Leasehold Enfranchisement Update
21st May 2015
Roberts v Fernandez  UKUT 106 (LC)
The UT disapproved additions to the deferment rate for obsolescence and differences in the long term growth rate and increased the capitalisation rate from 5.5% to 7%.
The lessee of No. 70 Andace Park Gardens, a one bedroom flat in Bromley, claimed a lease extension. The unexpired term of the lease was 71.96 years.
There were several case specific issues. The issues of some wider relevance were as follows:
- Whether it was appropriate to add 0.25% to the deferment rate for the risk of deterioration or obsolescence.
- Whether it was appropriate to add 0.25% to the deferment rate for the difference in long term growth between PCL and Bromley.
- The appropriate capitalisation rate.
- The F-tT added 0.25% to the deferment rate for the risk of deterioration or obsolescence.
- The F-tT added 0.25% to the deferment rate to reflect the difference in long term growth between PCL and Bromley.
- The F-tT applied a capitalisation rate of 5.5%.
Decision on Appeal
- The UT disapproved of the 0.25% addition to the deferment rate for the risk of deterioration or obsolescence:
- “Firstly, if Zuckerman – which concerned a property in the West Midlands – was insufficient on its own to justify departing from the Sportelli rate without sufficient evidence when considering a property in Halesowen, that principle applies with even greater force to No. 70, situated as it is in Greater London. Moreover, the F-tT’s comment that No.70 was of a type of property that would be demolished and rebuilt in the fullness of time, as it would not be economically viable to continue to maintain it, is problematic. Properties are rebuilt, not when it is no longer economically viable to maintain them, but when their existing use value in whatever condition they happen to be is less than their site value for redevelopment (always provided, in the case of a block of flats for example, that vacant possession of the whole can be obtained). In our judgment, the question whether or not a property is likely eventually to be developed and rebuilt is quite different from the question which must be answered when deciding whether a departure from Sportelli is justified, namely whether the risk of future deterioration or obsolescence is greater than that reflected in the risk premium determined in Sportelli or in the current freehold value with vacant possession. In the present case there was no evidence before the F-tT – apart from Zuckerman – to suggest that the answer to that question was no. There was therefore no justification for a departure from Sportelli on the grounds of obsolescence or deterioration.”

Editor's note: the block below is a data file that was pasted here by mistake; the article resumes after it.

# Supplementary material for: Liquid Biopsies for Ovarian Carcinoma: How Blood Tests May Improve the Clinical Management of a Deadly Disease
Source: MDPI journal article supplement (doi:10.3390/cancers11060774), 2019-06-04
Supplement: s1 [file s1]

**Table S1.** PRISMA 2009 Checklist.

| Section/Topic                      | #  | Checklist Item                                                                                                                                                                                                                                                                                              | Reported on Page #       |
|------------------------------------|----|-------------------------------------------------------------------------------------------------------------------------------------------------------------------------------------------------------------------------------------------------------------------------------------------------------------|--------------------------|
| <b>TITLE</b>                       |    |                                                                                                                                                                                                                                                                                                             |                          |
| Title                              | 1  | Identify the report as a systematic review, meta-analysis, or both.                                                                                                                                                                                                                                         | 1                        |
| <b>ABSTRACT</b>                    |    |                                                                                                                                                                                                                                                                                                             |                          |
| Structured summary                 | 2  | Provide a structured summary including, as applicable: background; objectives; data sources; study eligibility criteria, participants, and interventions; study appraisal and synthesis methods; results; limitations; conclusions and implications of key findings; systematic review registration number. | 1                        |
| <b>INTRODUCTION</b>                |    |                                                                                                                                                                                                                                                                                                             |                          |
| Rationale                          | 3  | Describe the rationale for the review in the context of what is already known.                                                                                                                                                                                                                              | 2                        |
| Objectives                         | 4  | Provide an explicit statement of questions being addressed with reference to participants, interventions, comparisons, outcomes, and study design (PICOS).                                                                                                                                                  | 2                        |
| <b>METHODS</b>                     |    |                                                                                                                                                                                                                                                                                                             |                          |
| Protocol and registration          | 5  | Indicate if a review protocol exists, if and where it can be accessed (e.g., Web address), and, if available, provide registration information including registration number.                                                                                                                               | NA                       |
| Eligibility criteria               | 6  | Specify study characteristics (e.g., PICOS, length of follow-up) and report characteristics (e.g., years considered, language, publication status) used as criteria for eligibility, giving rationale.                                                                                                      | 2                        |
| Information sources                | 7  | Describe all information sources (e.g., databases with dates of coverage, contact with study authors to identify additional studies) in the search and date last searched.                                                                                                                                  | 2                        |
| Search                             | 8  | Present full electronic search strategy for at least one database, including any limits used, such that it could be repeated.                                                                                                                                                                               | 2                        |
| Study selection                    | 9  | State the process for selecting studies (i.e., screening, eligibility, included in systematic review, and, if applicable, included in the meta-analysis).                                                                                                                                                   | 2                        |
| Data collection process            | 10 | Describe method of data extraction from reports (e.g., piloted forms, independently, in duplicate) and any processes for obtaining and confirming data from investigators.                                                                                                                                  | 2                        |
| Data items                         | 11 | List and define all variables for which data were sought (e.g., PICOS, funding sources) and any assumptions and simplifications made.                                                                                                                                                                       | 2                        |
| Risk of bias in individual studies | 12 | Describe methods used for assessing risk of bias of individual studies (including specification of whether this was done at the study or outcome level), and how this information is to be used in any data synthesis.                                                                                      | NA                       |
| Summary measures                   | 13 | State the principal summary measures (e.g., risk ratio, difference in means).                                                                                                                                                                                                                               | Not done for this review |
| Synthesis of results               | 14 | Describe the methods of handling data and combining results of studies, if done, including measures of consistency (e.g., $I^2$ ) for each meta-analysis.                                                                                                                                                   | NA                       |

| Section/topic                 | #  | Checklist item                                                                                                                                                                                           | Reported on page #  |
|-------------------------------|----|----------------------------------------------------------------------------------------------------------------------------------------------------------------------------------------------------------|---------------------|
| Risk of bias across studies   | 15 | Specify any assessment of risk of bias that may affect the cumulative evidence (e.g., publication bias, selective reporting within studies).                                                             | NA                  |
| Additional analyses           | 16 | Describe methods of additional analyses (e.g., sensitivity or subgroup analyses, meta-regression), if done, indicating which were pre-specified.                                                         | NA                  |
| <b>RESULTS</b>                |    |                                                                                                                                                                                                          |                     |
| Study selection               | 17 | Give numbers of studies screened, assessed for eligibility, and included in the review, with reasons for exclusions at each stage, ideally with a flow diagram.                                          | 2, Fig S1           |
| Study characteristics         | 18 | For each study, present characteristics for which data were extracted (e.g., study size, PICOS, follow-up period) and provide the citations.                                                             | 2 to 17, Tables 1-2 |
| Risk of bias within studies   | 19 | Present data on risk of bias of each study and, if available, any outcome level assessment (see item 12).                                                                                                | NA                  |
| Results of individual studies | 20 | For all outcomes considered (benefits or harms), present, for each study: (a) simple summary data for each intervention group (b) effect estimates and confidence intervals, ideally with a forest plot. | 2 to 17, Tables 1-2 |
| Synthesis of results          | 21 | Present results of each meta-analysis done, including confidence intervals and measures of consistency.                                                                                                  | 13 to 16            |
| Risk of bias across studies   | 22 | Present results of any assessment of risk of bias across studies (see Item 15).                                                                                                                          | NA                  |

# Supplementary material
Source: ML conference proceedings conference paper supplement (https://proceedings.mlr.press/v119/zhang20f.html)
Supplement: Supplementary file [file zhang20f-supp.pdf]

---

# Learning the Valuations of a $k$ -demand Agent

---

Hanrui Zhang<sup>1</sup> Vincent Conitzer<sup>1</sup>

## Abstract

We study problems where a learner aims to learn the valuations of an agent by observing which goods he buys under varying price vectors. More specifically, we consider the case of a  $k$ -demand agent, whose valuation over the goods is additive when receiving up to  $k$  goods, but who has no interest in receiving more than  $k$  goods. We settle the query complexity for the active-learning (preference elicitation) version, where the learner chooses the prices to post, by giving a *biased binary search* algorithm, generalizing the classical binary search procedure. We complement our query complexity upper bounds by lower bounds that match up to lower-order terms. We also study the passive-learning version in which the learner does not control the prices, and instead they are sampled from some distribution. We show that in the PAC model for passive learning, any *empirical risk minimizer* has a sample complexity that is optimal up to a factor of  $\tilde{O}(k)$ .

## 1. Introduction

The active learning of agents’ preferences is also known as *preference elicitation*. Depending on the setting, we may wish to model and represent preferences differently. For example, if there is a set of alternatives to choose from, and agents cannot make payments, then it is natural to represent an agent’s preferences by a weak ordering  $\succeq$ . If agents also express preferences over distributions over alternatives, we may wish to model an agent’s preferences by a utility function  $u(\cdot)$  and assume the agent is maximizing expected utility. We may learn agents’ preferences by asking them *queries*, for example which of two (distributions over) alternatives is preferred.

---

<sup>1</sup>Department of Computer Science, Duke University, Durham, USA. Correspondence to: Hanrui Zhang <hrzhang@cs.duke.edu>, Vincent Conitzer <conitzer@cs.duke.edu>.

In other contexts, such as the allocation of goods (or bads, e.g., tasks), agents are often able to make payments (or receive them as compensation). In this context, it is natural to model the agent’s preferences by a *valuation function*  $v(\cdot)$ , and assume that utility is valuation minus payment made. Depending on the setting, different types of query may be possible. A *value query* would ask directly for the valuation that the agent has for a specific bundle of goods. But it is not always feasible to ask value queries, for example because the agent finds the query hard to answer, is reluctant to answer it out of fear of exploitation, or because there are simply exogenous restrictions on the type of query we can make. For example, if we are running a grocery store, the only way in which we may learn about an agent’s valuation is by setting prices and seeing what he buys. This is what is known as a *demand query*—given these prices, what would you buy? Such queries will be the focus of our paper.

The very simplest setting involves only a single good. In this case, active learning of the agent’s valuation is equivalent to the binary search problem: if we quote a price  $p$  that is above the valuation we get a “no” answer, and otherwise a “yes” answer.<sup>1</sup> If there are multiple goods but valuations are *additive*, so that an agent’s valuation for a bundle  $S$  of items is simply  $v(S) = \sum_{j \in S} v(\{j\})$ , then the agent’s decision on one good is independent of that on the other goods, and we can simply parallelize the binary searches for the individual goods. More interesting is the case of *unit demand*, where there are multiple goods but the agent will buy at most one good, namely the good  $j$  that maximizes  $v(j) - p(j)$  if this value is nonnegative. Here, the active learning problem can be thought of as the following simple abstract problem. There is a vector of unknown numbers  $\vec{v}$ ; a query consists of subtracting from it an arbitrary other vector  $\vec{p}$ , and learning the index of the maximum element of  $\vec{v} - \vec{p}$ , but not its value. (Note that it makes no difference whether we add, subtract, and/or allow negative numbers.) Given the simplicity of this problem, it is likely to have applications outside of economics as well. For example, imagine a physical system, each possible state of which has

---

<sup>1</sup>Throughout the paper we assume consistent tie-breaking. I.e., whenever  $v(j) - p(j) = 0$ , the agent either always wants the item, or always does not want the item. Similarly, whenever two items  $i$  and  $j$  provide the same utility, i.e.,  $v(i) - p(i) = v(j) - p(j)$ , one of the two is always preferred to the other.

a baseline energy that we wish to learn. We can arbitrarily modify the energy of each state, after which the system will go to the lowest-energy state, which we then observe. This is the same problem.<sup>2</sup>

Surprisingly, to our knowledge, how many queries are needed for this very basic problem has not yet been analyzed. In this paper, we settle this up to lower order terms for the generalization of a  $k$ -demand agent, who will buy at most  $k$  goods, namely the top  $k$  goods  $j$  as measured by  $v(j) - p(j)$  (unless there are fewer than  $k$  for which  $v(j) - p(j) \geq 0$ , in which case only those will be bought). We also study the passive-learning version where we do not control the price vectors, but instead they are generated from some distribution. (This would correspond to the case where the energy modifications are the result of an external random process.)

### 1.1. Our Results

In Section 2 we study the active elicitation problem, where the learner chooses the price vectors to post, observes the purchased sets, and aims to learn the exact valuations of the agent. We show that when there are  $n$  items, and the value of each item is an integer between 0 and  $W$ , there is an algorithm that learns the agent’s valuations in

- The UT also disapproved of the addition for the alleged differential in long term growth: